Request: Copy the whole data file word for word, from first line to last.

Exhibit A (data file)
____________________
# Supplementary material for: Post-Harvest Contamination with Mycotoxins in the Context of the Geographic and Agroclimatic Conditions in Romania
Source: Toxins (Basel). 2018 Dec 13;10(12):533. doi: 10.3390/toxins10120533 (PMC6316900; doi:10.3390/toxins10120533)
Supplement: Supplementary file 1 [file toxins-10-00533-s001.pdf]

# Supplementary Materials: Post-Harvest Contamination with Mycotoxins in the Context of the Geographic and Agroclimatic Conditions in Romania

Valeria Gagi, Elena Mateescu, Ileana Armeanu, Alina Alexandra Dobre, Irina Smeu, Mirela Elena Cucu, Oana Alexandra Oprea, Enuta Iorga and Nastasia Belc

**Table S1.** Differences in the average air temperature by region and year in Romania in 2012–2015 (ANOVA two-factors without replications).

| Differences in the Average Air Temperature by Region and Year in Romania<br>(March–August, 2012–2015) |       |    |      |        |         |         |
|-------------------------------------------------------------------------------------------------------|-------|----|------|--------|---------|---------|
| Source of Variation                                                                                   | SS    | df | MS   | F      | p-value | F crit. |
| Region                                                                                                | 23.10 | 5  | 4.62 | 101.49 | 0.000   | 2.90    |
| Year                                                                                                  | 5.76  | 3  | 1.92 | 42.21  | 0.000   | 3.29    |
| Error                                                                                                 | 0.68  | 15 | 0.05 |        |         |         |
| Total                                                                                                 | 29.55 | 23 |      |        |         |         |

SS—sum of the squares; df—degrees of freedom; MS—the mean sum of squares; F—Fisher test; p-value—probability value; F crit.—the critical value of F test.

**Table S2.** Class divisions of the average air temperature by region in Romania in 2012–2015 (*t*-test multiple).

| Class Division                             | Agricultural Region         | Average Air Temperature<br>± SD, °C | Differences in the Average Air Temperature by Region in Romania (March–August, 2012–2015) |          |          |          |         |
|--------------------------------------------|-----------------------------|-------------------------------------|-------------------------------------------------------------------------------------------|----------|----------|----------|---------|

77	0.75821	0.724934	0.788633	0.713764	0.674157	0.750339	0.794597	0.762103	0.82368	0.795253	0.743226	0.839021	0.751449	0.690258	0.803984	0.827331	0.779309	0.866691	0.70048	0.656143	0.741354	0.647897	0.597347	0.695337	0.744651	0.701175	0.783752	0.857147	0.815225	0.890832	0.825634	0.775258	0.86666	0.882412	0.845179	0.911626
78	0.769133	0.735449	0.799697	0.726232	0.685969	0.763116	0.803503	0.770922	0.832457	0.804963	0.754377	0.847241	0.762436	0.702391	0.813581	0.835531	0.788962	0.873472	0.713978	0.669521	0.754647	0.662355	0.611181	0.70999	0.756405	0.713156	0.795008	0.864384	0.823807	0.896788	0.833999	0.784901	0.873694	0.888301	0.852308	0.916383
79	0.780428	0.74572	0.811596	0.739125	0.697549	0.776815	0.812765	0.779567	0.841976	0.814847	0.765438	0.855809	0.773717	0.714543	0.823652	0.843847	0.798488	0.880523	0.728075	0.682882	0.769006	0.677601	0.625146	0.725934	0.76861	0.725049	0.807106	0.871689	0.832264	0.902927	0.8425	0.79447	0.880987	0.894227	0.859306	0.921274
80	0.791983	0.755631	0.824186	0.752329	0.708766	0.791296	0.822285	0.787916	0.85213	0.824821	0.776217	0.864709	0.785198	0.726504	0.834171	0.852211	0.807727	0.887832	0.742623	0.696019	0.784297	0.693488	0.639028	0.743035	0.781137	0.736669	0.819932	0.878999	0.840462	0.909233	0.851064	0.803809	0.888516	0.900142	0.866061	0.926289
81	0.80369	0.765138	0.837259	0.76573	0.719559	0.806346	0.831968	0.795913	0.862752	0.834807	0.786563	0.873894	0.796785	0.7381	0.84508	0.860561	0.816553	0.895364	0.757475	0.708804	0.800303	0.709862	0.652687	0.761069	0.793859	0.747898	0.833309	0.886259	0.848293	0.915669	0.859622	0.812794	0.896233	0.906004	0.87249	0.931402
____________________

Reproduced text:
# Supplementary material for: Post-Harvest Contamination with Mycotoxins in the Context of the Geographic and Agroclimatic Conditions in Romania
Source: Toxins (Basel). 2018 Dec 13;10(12):533. doi: 10.3390/toxins10120533 (PMC6316900; doi:10.3390/toxins10120533)
Supplement: Supplementary file 1 [file toxins-10-00533-s001.pdf]

# Supplementary Materials: Post-Harvest Contamination with Mycotoxins in the Context of the Geographic and Agroclimatic Conditions in Romania

Valeria Gagi, Elena Mateescu, Ileana Armeanu, Alina Alexandra Dobre, Irina Smeu, Mirela Elena Cucu, Oana Alexandra Oprea, Enuta Iorga and Nastasia Belc

**Table S1.** Differences in the average air temperature by region and year in Romania in 2012–2015 (ANOVA two-factors without replications).

| Differences in the Average Air Temperature by Region and Year in Romania<br>(March–August, 2012–2015) |       |    |      |        |         |         |
|-------------------------------------------------------------------------------------------------------|-------|----|------|--------|---------|---------|
| Source of Variation                                                                                   | SS    | df | MS   | F      | p-value | F crit. |
| Region                                                                                                | 23.10 | 5  | 4.62 | 101.49 | 0.000   | 2.90    |
| Year                                                                                                  | 5.76  | 3  | 1.92 | 42.21  | 0.000   | 3.29    |
| Error                                                                                                 | 0.68  | 15 | 0.05 |        |         |         |
| Total                                                                                                 | 29.55 | 23 |      |        |         |         |

SS—sum of the squares; df—degrees of freedom; MS—the mean sum of squares; F—Fisher test; p-value—probability value; F crit.—the critical value of F test.

**Table S2.** Class divisions of the average air temperature by region in Romania in 2012–2015 (*t*-test multiple).

| Class Division                             | Agricultural Region         | Average Air Temperature<br>± SD, °C | Differences in the Average Air Temperature by Region in Romania (March–August, 2012–2015) |          |          |          |         |
|--------------------------------------------|-----------------------------|-------------------------------------|-------------------------------------------------------------------------------------------|----------|----------|----------|---------|

77	0.75821	0.724934	0.788633	0.713764	0.674157	0.750339	0.794597	0.762103	0.82368	0.795253	0.743226	0.839021	0.751449	0.690258	0.803984	0.827331	0.779309	0.866691	0.70048	0.656143	0.741354	0.647897	0.597347	0.695337	0.744651	0.701175	0.783752	0.857147	0.815225	0.890832	0.825634	0.775258	0.86666	0.882412	0.845179	0.911626
78	0.769133	0.735449	0.799697	0.726232	0.685969	0.763116	0.803503	0.770922	0.832457	0.804963	0.754377	0.847241	0.762436	0.702391	0.813581	0.835531	0.788962	0.873472	0.713978	0.669521	0.754647	0.662355	0.611181	0.70999	0.756405	0.713156	0.795008	0.864384	0.823807	0.896788	0.833999	0.784901	0.873694	0.888301	0.852308	0.916383
79	0.780428	0.74572	0.811596	0.739125	0.697549	0.776815	0.812765	0.779567	0.841976	0.814847	0.765438	0.855809	0.773717	0.714543	0.823652	0.843847	0.798488	0.880523	0.728075	0.682882	0.769006	0.677601	0.625146	0.725934	0.76861	0.725049	0.807106	0.871689	0.832264	0.902927	0.8425	0.79447	0.880987	0.894227	0.859306	0.921274
80	0.791983	0.755631	0.824186	0.752329	0.708766	0.791296	0.822285	0.787916	0.85213	0.824821	0.776217	0.864709	0.785198	0.726504	0.834171	0.852211	0.807727	0.887832	0.742623	0.696019	0.784297	0.693488	0.639028	0.743035	0.781137	0.736669	0.819932	0.878999	0.840462	0.909233	0.851064	0.803809	0.888516	0.900142	0.866061	0.926289
81	0.80369	0.765138	0.837259	0.76573	0.719559	0.806346	0.831968	0.795913	0.862752	0.834807	0.786563	0.873894	0.796785	0.7381	0.84508	0.860561	0.816553	0.895364	0.757475	0.708804	0.800303	0.709862	0.652687	0.761069	0.793859	0.747898	0.833309	0.886259	0.848293	0.915669	0.859622	0.812794	0.896233	0.906004	0.87249	0.931402